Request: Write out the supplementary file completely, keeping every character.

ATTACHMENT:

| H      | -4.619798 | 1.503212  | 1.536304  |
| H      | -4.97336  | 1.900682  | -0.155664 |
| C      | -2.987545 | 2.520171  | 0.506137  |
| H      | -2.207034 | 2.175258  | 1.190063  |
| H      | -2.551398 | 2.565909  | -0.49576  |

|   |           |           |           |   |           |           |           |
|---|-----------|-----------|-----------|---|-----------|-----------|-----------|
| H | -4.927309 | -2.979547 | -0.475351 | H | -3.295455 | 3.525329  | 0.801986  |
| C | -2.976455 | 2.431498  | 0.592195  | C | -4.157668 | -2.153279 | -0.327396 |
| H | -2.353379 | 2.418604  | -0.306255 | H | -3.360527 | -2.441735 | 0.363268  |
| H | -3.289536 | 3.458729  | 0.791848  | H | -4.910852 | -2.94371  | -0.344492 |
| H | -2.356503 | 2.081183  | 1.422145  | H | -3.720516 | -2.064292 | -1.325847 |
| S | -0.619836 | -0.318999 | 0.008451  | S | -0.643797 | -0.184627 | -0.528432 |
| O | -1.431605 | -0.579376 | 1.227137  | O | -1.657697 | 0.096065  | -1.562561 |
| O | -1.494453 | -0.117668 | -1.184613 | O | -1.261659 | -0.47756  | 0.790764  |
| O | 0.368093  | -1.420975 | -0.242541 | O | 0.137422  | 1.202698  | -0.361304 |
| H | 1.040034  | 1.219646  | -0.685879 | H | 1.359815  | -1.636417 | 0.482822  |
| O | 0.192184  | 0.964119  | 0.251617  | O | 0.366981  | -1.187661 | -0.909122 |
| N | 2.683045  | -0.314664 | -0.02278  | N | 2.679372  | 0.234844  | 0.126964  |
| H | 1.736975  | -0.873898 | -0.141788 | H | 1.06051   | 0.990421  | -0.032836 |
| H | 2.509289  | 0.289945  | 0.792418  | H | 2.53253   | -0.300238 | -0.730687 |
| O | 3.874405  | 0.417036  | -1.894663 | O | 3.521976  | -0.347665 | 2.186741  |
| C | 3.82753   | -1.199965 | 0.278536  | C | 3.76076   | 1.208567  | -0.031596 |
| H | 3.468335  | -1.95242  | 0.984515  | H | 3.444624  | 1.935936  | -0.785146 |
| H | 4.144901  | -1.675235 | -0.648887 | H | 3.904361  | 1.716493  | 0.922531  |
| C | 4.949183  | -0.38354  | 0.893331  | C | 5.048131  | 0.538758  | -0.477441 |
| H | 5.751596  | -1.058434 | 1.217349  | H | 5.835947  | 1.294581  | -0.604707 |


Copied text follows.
| H      | -4.619798 | 1.503212  | 1.536304  |
| H      | -4.97336  | 1.900682  | -0.155664 |
| C      | -2.987545 | 2.520171  | 0.506137  |
| H      | -2.207034 | 2.175258  | 1.190063  |
| H      | -2.551398 | 2.565909  | -0.49576  |

|   |           |           |           |   |           |           |           |
|---|-----------|-----------|-----------|---|-----------|-----------|-----------|
| H | -4.927309 | -2.979547 | -0.475351 | H | -3.295455 | 3.525329  | 0.801986  |
| C | -2.976455 | 2.431498  | 0.592195  | C | -4.157668 | -2.153279 | -0.327396 |
| H | -2.353379 | 2.418604  | -0.306255 | H | -3.360527 | -2.441735 | 0.363268  |
| H | -3.289536 | 3.458729  | 0.791848  | H | -4.910852 | -2.94371  | -0.344492 |
| H | -2.356503 | 2.081183  | 1.422145  | H | -3.720516 | -2.064292 | -1.325847 |
| S | -0.619836 | -0.318999 | 0.008451  | S | -0.643797 | -0.184627 | -0.528432 |
| O | -1.431605 | -0.579376 | 1.227137  | O | -1.657697 | 0.096065  | -1.562561 |
| O | -1.494453 | -0.117668 | -1.184613 | O | -1.261659 | -0.47756  | 0.790764  |
| O | 0.368093  | -1.420975 | -0.242541 | O | 0.137422  | 1.202698  | -0.361304 |
| H | 1.040034  | 1.219646  | -0.685879 | H | 1.359815  | -1.636417 | 0.482822  |
| O | 0.192184  | 0.964119  | 0.251617  | O | 0.366981  | -1.187661 | -0.909122 |
| N | 2.683045  | -0.314664 | -0.02278  | N | 2.679372  | 0.234844  | 0.126964  |
| H | 1.736975  | -0.873898 | -0.141788 | H | 1.06051   | 0.990421  | -0.032836 |
| H | 2.509289  | 0.289945  | 0.792418  | H | 2.53253   | -0.300238 | -0.730687 |
| O | 3.874405  | 0.417036  | -1.894663 | O | 3.521976  | -0.347665 | 2.186741  |
| C | 3.82753   | -1.199965 | 0.278536  | C | 3.76076   | 1.208567  | -0.031596 |
| H | 3.468335  | -1.95242  | 0.984515  | H | 3.444624  | 1.935936  | -0.785146 |
| H | 4.144901  | -1.675235 | -0.648887 | H | 3.904361  | 1.716493  | 0.922531  |
| C | 4.949183  | -0.38354  | 0.893331  | C | 5.048131  | 0.538758  | -0.477441 |
| H | 5.751596  | -1.058434 | 1.217349  | H | 5.835947  | 1.294581  | -0.604707 |